[In the following essay, Campbell assesses the various structural attributes in I Am One of You Forever, noting the role that memory and childhood play in the novel.]
Ah happy happy boughs! That cannot shed Your leaves, nor ever bid the spring adieu; And, happy melodist, unwearied, Forever piping songs forever new.
—Keats, “Ode on a Grecian Urn”
Fred Chappell's 1985 novel I Am One of You Forever should certainly come in the future to be acknowledged as a classic of...
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Jeanne Murray Walker (review date summer 1994)
SOURCE: Walker, Jeanne Murray. “Ways to Move Beyond the Self.” Shenandoah 44 (summer 1994): 111-26.
[In the following excerpt, Walker offers a positive assessment of C, praising Chappell's verse as “vulnerable and affectionate.”]
The title of Fred Chappell's latest book, C, advertises what kind of book it is. It calls out flamboyantly See! spelling it with the Roman numeral C, both to signal its debt to the past and to advertise that it contains a hundred poems. The book is a bricolage of riddles and puns, translations and references to the classics. It is unashamedly satirical and irreverent. It pilfers from its elders, happily giving...
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David Middleton (review date winter 1996)
SOURCE: Middleton, David. “With Modesty and Measured Love.” Sewanee Review 104, no. 1 (winter 1996): 10-13.
[In the following review, Middleton outlines the major thematic concerns of the poems in Spring Garden.]
This impressive and delightful volume gathers together much—but by no means all—of the best verse written during the last quarter century by one of the South's finest poets. There are also new poems, including a general prologue and epilogue and separate prologues to each of the book's seven carefully ordered sections.
Spring Garden takes us through a late spring day with the poet's wife working in the actual garden while the...
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Fred Chappell and Jennifer Howard (interview date 30 September 1996)
SOURCE: Chappell, Fred, and Jennifer Howard. “Fred Chappell: From the Mountains to the Mainstream.” Publishers Weekly 243, no. 40 (30 September 1996): 55-6.
[In the following interview, Chappell discusses his body of work and the critical response to his writing.]
Fred Chappell may be the most modest man of letters the South has ever produced. With nearly 25 books under his belt, and the praise of critics and fellow writers ringing in his ears (William Styron has called him “an immensely gifted, exuberant, versatile writer who should be ranked among our important contemporary voices”), Chappell maintains a resolute humility about his career. To hear him talk,...
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Robert McDowell (review date spring 1997)
SOURCE: McDowell, Robert. “Poetry Chronicle.” Hudson Review 50, no. 1 (spring 1997): 137-46.
[In the following excerpt, McDowell offers a positive assessment of Spring Garden, calling the collection “well edited and full of pleasant surprises.”]
Spring Garden: New and Selected Poems by Fred Chappell includes selections from six previous volumes plus thirty new poems. Chappell is an inventive formalist who can be funny and serious. “The Fated Lovers: A Story” is a superior sequence demonstrating this poet's range. Section seven, “A Glorious Twilight,” especially stands out. In it a wife paints her nails, and the brilliant color she applies...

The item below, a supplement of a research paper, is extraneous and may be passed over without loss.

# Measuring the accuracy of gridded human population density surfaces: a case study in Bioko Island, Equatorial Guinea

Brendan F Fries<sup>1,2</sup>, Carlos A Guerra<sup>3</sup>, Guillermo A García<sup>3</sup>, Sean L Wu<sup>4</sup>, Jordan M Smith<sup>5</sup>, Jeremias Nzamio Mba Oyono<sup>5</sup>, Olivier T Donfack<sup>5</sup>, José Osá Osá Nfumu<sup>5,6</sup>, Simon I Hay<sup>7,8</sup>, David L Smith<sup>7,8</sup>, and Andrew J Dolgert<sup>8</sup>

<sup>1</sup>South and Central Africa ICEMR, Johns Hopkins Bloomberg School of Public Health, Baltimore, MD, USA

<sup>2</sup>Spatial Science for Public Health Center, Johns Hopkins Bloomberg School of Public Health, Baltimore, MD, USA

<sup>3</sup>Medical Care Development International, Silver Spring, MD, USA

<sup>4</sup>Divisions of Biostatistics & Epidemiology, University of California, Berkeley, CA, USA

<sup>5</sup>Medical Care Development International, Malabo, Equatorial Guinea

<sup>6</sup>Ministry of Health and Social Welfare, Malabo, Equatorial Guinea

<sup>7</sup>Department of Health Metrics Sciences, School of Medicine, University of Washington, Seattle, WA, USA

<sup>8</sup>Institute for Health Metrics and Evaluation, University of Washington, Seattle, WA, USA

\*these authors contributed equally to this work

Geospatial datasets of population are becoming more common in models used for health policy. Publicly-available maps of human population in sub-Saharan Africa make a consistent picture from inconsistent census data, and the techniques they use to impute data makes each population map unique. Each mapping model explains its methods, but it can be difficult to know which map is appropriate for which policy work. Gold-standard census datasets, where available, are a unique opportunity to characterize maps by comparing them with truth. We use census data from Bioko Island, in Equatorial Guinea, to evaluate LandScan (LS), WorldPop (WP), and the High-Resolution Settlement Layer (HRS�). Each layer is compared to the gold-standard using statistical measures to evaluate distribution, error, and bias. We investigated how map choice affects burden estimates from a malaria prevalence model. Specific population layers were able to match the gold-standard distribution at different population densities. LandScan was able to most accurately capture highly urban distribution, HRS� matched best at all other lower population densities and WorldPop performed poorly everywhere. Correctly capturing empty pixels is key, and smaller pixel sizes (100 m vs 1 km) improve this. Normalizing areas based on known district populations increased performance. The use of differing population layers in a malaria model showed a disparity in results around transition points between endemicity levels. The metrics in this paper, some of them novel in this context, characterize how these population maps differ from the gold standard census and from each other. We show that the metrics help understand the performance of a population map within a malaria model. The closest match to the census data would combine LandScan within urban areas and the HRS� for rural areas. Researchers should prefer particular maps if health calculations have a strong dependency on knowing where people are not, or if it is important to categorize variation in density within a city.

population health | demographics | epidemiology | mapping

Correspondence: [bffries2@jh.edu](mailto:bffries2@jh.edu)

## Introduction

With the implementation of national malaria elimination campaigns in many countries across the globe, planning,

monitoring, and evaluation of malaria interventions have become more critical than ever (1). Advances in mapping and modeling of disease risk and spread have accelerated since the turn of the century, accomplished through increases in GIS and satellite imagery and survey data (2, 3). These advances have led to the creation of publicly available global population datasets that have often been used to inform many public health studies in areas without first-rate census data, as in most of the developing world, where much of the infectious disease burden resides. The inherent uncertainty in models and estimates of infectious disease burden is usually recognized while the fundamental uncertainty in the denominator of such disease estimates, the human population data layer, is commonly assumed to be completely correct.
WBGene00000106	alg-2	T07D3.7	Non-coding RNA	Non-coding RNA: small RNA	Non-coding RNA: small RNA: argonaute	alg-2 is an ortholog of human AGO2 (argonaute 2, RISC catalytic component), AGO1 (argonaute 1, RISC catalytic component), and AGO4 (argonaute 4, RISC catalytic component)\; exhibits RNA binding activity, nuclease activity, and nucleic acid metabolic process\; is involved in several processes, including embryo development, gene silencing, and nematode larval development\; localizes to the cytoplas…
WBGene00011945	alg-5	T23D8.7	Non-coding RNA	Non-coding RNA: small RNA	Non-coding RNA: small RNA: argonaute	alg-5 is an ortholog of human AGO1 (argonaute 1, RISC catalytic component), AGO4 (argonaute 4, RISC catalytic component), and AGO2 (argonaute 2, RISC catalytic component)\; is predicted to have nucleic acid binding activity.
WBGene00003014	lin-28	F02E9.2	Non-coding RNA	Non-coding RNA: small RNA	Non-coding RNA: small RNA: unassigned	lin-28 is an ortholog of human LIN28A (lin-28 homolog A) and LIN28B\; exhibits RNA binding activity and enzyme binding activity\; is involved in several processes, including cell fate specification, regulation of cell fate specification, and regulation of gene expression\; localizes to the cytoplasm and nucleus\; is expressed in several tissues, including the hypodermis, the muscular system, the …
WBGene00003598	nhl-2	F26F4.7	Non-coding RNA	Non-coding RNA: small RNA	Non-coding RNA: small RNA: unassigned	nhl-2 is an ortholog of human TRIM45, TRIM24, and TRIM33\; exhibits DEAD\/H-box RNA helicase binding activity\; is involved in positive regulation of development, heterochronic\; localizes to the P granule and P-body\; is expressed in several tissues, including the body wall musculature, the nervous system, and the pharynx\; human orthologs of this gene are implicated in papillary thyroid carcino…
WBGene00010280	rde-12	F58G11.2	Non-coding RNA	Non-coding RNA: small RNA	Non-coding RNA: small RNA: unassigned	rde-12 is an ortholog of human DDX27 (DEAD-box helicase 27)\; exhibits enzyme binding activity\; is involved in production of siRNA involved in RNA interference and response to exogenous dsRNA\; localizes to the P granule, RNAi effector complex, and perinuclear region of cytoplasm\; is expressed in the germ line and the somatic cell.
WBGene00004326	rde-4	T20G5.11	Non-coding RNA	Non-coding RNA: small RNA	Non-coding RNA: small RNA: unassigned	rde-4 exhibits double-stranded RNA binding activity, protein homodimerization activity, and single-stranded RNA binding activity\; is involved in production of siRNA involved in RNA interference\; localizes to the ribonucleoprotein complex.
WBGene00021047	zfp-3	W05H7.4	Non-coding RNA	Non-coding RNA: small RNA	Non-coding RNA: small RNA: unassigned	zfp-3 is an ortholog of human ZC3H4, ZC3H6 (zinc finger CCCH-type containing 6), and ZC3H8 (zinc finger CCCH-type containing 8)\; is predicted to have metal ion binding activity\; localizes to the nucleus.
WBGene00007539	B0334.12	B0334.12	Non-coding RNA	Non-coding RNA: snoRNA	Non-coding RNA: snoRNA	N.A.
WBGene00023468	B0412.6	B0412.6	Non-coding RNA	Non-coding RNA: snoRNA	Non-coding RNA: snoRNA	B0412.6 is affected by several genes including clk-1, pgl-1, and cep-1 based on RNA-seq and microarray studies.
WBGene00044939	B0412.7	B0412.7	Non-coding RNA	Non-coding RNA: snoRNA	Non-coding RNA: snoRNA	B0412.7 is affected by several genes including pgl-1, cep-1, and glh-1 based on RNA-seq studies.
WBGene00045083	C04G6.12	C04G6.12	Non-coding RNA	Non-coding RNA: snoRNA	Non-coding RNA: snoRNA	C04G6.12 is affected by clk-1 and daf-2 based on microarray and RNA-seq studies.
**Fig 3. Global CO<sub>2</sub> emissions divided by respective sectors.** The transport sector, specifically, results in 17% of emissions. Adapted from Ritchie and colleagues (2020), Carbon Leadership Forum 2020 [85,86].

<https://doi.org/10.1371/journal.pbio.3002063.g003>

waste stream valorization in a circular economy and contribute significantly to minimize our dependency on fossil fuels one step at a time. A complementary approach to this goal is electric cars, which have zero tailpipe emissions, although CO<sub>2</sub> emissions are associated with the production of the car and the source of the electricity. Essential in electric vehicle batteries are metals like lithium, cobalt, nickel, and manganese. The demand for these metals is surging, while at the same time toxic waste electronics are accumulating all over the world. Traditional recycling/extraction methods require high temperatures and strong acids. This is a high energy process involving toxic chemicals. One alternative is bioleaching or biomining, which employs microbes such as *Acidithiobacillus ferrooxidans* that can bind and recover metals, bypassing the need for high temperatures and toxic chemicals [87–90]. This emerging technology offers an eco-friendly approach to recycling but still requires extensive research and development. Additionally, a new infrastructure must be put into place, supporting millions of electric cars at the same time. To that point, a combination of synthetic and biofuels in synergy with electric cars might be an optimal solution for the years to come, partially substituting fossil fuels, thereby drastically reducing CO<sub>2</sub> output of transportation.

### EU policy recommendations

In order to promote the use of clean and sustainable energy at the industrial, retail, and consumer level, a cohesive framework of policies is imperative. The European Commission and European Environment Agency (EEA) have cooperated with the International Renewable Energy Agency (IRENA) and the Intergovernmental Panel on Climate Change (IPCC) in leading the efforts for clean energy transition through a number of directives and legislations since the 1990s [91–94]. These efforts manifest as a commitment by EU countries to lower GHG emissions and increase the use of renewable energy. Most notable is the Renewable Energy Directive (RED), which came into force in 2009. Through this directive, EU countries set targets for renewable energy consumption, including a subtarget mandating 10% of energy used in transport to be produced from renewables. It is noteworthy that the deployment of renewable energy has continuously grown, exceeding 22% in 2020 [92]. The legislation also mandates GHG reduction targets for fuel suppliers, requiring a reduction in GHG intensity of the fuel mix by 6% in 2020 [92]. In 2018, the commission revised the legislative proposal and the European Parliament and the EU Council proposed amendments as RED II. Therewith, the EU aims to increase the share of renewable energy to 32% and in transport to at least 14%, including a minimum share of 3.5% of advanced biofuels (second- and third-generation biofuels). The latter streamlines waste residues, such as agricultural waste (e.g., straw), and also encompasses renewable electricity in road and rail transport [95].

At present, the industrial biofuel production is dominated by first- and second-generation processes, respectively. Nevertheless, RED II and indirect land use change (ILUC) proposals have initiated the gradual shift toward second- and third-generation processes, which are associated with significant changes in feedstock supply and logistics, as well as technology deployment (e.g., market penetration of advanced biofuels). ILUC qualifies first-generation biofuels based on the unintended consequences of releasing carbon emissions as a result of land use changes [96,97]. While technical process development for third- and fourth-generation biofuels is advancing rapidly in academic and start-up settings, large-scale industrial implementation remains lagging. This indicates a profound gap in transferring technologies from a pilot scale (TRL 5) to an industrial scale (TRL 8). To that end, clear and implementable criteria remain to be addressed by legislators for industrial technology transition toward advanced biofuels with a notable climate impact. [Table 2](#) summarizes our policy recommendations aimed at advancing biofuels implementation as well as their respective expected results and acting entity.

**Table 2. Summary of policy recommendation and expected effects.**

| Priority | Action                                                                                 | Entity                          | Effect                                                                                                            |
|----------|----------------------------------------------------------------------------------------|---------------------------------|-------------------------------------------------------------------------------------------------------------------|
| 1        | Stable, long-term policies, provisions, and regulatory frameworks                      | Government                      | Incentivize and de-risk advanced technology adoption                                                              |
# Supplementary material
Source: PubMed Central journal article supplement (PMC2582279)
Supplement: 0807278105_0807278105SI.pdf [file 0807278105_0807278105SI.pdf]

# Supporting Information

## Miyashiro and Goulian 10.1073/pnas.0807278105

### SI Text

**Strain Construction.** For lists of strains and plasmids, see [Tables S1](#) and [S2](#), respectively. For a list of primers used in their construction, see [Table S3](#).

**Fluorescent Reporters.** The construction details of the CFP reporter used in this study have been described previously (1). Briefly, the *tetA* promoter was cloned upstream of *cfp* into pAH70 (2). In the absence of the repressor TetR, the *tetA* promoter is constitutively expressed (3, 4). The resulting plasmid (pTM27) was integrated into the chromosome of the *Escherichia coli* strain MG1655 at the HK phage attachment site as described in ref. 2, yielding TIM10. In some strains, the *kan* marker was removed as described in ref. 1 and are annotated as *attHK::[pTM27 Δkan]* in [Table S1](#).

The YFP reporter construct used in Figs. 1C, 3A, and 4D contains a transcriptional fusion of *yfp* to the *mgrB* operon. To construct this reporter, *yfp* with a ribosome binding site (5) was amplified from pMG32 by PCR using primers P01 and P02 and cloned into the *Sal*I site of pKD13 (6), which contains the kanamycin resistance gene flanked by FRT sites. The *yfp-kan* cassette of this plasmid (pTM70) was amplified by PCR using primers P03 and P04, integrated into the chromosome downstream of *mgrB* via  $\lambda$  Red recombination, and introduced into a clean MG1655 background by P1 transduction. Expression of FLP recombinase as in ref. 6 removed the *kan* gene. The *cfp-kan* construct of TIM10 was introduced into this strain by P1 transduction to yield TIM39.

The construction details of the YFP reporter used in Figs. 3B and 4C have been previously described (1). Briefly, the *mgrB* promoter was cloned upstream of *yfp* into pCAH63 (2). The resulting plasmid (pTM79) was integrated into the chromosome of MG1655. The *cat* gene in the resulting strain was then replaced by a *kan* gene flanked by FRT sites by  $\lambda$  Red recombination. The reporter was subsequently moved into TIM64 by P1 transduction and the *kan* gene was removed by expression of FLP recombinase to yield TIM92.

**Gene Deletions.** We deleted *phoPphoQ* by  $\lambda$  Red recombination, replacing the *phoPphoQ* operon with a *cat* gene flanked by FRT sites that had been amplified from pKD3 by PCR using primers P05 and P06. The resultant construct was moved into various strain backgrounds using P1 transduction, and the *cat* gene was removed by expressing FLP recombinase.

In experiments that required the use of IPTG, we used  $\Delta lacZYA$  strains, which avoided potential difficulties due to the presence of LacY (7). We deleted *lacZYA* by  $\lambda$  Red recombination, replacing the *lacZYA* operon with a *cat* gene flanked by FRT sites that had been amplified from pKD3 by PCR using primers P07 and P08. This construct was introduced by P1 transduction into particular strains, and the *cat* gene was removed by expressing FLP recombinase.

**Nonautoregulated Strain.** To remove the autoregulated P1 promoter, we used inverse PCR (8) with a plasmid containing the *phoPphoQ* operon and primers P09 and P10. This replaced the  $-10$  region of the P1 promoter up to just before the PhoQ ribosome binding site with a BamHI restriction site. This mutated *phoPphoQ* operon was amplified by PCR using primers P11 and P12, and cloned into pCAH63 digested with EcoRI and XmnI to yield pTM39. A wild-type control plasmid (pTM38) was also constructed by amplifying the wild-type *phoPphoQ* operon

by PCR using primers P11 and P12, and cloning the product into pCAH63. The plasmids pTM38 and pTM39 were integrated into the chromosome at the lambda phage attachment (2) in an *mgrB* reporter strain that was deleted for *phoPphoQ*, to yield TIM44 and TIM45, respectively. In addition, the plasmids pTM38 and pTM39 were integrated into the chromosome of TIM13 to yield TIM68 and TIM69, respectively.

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Randolph Paul Runyon (essay date 1997)
SOURCE: Runyon, Randolph Paul. “Fred Chappell: Midquestions.” In Southern Writers at Century's End, edited by Jeffrey J. Folks and James A. Perkins, pp. 185-200. Lexington: University of Kentucky Press, 1997.
[In the following essay, Runyon examines the structural aspects of Midquest, particularly the placement of poems focusing on Virgil Campbell, a recurring character in the collection.]
Born in western North Carolina, in 1936, Fred Chappell has drawn increasingly on his Appalachian heritage in recent years. His best works—the epic poem Midquest (1981) and the novel I Am One of You Forever (1985)—are rooted in a quasi-autobiographical...
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George Hovis (essay date summer 2000)
SOURCE: Hovis, George. “‘When You Got True Dirt You Got Everything You Need’: Forging an Appalachian Arcadia in Fred Chappell's Midquest.” Mississippi Quarterly 53, no. 3 (summer 2000): 389-414.
[In the following essay, Hovis examines the themes of farming and Chappell's Appalachian past in Midquest.]
In his essay “The Poet and the Plowman,” Fred Chappell ponders what he considers to be one of the fundamental issues facing poets ever since the classical age: the fact that it is impractical, if not impossible, to pursue both a life of poetry and a life of farming. As the essay begins, Chappell recalls long Sunday afternoons in the mid 1960s when he...
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Chappell, Fred, and Teresa K. Weaver. “Master of Language: Relative Obscurity Suits Chappell, a Writer's Writer.” Atlanta Journal-Constitution (30 August 1998): L1.
Weaver offers an overview of Chappell's life and work.
Drennan, Eileen M. “Chappell's Kirkman Finale Heartfelt but Hesitant.” Atlanta Journal-Constitution (5 September 1999): K12.
Drennan offers a negative assessment of Look Back All the Green Valley.
“Tributes to Fred Chappell.” Pembroke Magazine 23 (1991): 77-89.
Members of the North Carolina Writers Conference present tributes and...